This means that for any milestone we know the list of workitems that are expected to be completed for that milestone, and so can record the counts of those workitems in each status at each point leading up to that milestone.

From this we can draw a graph of those counts over time, with the end of the graph being the delivery date of the milestone.

For this to be a full burndown chart we need to know the "start date" of each milestone, as well as its end date. This is the date at which engineers will start to concentrate on that milestone. If we choose an earlier date then the trend line will be too shallow to be of use.

Currently the code picks the delivery date of the previous milestone as the start date of the next (where next is defined by the chronological order).

However, when there are multiple projects are involved this can't work the same way, as some milestones don't make sense for some projects.

We can solve this by having milestones start on the day that the previous milestone in the same project completes.

This will give similar behaviour to before, and allows project leaders to control the start dates of particular milestones by adding another milestone at the start date that they want.

There are two cases that are not handled that well here:

  • Teams who span projects.
    • They won't have burndown charts that support a workflow of concentrating on the next milestone chronologically, as there may be multiple milestones "burning down" for them at any one time. They can alleviate this by registering their milestones in all projects that they work on, whether they make sense or not. This is an ugly but functional solution.
  • Projects with multiple milestone tracks
    • There may be projects where there are two threads in progress, and the proposed solution would mean that these threads were not tracked separately. Consider two milestones that are one day apart, but worked on by separate subteams. The proposed solution would mean that one subteam had a useful burndown, but the second team would have a burndown that ran for one day, from the earlier milestone to the later. I predict that this is rare occurence, and one that could perhaps be handled with series, but dealing with it is out of scope at this time.

Equivalent milestones

Another issue with milestone handling is milestones that are separate, but delivered on the same day, and considered as one. For instance, we currently have a "natty-alpha-1" milestone in Ubuntu, and an "11.05-alpha-1" milestone in linaro for the 11.05 series. These are logically one milestone, as they are on the same day, but the code will consider them differently. There are two solutions to this issue:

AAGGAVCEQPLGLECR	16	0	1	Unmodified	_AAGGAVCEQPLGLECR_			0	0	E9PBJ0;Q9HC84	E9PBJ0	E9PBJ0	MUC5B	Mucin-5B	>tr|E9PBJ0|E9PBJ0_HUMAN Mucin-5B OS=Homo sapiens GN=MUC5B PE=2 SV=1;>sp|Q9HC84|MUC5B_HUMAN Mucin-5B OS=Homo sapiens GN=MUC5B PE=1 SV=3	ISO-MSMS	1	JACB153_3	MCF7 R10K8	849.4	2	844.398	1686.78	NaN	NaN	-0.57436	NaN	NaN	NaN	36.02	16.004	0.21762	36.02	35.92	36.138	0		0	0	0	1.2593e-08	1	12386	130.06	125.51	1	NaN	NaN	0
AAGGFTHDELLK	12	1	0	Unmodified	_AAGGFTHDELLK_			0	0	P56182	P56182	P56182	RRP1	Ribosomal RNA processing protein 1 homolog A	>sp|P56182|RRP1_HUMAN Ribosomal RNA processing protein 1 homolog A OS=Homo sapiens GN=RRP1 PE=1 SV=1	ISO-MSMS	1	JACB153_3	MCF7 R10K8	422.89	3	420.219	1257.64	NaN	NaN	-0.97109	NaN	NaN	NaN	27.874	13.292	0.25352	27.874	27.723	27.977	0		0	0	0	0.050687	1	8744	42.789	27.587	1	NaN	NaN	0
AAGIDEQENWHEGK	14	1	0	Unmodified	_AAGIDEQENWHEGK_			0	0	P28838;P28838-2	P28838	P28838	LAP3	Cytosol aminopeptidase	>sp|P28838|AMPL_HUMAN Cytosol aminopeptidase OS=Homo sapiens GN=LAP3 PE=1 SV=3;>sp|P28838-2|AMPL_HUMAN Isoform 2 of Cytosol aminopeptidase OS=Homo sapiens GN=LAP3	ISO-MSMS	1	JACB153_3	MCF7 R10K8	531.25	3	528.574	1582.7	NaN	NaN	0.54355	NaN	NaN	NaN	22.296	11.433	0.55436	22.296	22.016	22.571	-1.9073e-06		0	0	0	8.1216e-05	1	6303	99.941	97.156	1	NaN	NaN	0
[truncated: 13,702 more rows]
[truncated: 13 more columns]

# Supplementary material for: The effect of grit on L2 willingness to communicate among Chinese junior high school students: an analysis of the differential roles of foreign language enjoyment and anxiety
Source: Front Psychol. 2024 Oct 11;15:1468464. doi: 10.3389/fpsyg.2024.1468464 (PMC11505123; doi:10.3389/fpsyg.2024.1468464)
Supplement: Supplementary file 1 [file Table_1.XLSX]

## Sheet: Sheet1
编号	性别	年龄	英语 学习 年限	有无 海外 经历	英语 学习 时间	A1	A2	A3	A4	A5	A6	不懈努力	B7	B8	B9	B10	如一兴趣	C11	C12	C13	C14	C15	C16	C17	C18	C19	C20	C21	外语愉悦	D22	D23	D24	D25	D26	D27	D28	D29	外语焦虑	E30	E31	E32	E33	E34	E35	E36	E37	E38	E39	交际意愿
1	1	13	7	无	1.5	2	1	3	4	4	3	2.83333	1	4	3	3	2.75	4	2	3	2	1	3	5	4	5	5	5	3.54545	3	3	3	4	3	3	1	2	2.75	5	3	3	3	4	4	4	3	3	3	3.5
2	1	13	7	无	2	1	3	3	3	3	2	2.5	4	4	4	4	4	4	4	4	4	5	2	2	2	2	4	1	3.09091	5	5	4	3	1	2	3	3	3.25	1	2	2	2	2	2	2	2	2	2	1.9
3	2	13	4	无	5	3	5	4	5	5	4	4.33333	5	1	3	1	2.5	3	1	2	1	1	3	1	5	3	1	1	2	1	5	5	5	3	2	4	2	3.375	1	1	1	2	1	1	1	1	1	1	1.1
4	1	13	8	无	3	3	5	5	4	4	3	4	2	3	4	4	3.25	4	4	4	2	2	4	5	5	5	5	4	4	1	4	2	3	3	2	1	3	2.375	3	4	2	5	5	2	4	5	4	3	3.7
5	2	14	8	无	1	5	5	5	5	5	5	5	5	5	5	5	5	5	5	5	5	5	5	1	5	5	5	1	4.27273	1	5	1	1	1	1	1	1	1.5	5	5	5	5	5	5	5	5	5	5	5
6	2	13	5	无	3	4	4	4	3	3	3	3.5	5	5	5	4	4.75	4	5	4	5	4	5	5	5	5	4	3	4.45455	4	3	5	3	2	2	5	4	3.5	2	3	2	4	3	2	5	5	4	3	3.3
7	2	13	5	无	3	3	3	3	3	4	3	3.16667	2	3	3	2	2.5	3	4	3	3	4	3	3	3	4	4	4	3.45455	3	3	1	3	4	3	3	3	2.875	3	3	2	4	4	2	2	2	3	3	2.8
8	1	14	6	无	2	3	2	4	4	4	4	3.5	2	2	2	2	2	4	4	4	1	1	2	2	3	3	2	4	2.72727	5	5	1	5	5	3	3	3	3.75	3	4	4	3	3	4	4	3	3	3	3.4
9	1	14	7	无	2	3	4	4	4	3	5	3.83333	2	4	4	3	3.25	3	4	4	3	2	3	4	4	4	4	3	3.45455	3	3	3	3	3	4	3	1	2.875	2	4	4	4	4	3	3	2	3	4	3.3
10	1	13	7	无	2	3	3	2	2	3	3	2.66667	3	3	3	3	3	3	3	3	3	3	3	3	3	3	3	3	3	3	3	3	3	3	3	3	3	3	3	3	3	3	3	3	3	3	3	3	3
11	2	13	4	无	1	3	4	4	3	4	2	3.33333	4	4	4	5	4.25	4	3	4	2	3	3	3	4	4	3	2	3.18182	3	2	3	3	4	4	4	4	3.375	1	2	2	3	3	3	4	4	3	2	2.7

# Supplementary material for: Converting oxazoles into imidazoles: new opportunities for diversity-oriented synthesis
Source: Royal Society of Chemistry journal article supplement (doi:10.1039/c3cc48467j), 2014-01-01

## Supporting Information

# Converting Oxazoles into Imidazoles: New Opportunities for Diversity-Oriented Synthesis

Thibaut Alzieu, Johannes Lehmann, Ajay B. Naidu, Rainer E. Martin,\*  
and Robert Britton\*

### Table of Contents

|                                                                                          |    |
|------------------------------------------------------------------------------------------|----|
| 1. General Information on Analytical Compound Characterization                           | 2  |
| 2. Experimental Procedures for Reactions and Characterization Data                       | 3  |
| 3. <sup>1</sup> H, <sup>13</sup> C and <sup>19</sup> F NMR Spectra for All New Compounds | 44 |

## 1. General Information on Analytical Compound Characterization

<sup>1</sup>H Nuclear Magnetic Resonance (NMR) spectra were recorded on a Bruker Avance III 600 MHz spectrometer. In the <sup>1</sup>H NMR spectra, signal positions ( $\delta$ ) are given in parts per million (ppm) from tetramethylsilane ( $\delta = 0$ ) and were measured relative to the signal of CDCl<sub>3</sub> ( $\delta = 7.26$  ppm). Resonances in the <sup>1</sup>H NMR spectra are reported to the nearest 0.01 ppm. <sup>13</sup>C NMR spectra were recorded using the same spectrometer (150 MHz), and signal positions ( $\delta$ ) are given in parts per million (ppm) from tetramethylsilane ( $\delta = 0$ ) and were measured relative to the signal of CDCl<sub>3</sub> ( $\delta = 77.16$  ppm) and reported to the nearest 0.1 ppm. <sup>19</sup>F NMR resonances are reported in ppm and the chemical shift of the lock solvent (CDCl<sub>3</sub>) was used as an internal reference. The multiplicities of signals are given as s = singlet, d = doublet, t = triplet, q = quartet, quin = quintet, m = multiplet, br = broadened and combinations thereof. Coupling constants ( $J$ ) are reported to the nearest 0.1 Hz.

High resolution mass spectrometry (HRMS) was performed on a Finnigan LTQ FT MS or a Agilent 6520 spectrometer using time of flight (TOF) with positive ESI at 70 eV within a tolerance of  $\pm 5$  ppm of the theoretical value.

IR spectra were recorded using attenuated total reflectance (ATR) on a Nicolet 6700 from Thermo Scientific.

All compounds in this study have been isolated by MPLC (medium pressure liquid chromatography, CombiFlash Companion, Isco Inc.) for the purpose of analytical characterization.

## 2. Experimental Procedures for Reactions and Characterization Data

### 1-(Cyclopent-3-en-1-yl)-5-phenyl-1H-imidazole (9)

• Give the milestones the same name. If the Linaro milestone was also named "natty-alpha-1" then the code would coalesce them. This isn't really an acceptable solution for some milestones though. For instance the beta milestones, which Ubuntu names "ubuntu-11.04-beta" and Linaro "11-05-beta".
  • Provide a way to collapse milestones that are due on the same day. When showing the page for a milestone we could include all workitems targeted to milestones that fall on the same day.
    • The naïve solution to this that generates a page for each milestone that falls on the same day would work.
    • This could be improved slightly by not generating Linaro milestone pages for non-linaro teams, but we would ideally want to do that with no configuration.

We will use the second option.

There may be groups that do not like this approach as they consider the equivalent milestones to be separate, and don't want to track them together, despite them having to deliver all the work on the same day. If that is the case then we will have to look at a modification to this solution that accommodates that desire, or convince those teams to use the proposed approach.

Only generating pages that teams expect

There are two cases where we will generate too many pages:

  • Ubuntu teams that don't have anything to do with Linaro will still find a page generated for their team for each linaro milestone.
  • Equivalent milestones will still generate a page for each constituent milestone, each showing the same information.

For the first we would need to decide whether a team had any interest in a milestone whatsoever (The fact that a linaro team has no workitems targeted for a Linaro milestone is still interesting).

The second is trickier as we have to decide for each team which milestone name is more appropriate for them. For Ubuntu teams it is the Ubuntu name, and for Linaro teams it is the Linaro one. It would be nice to do this without explicit configuration.

We currently have no solutions to these two issues, but they are not pressing problems so we will live with the issues for now.

Linked bugs

Blueprints can be linked to bugs, and we want to allow people to use that to indicate workitems.

However, it is bugs that are linked to blueprints, and there can be many bug tasks on each bug, so it's not clear which of them should be workitems for Linaro to do.

To decide which bug tasks we should create workitems for:

  • Get a list of all projects that we are scraping blueprints from
  • For each bug linked to a workitem:
    • If there are no bug tasks against any of the projects in the first step then make one workitem, which is TODO as long as any of the tasks are open.
    • If there is are bug tasks against the projects in the first step then make a workitem for each of those bug tasks, with the status of the workitem reflecting the status of the bug task.


Data requirements

In order to be able to implement the above we need the following information:

  • The list of linaro teams and their members.
  • The list of technical requirements for the cycle, the teams that they are assigned to, and their status and priority.
  • The list of blueprints that are contributing to each technical requirement and their status, priority, and assignees.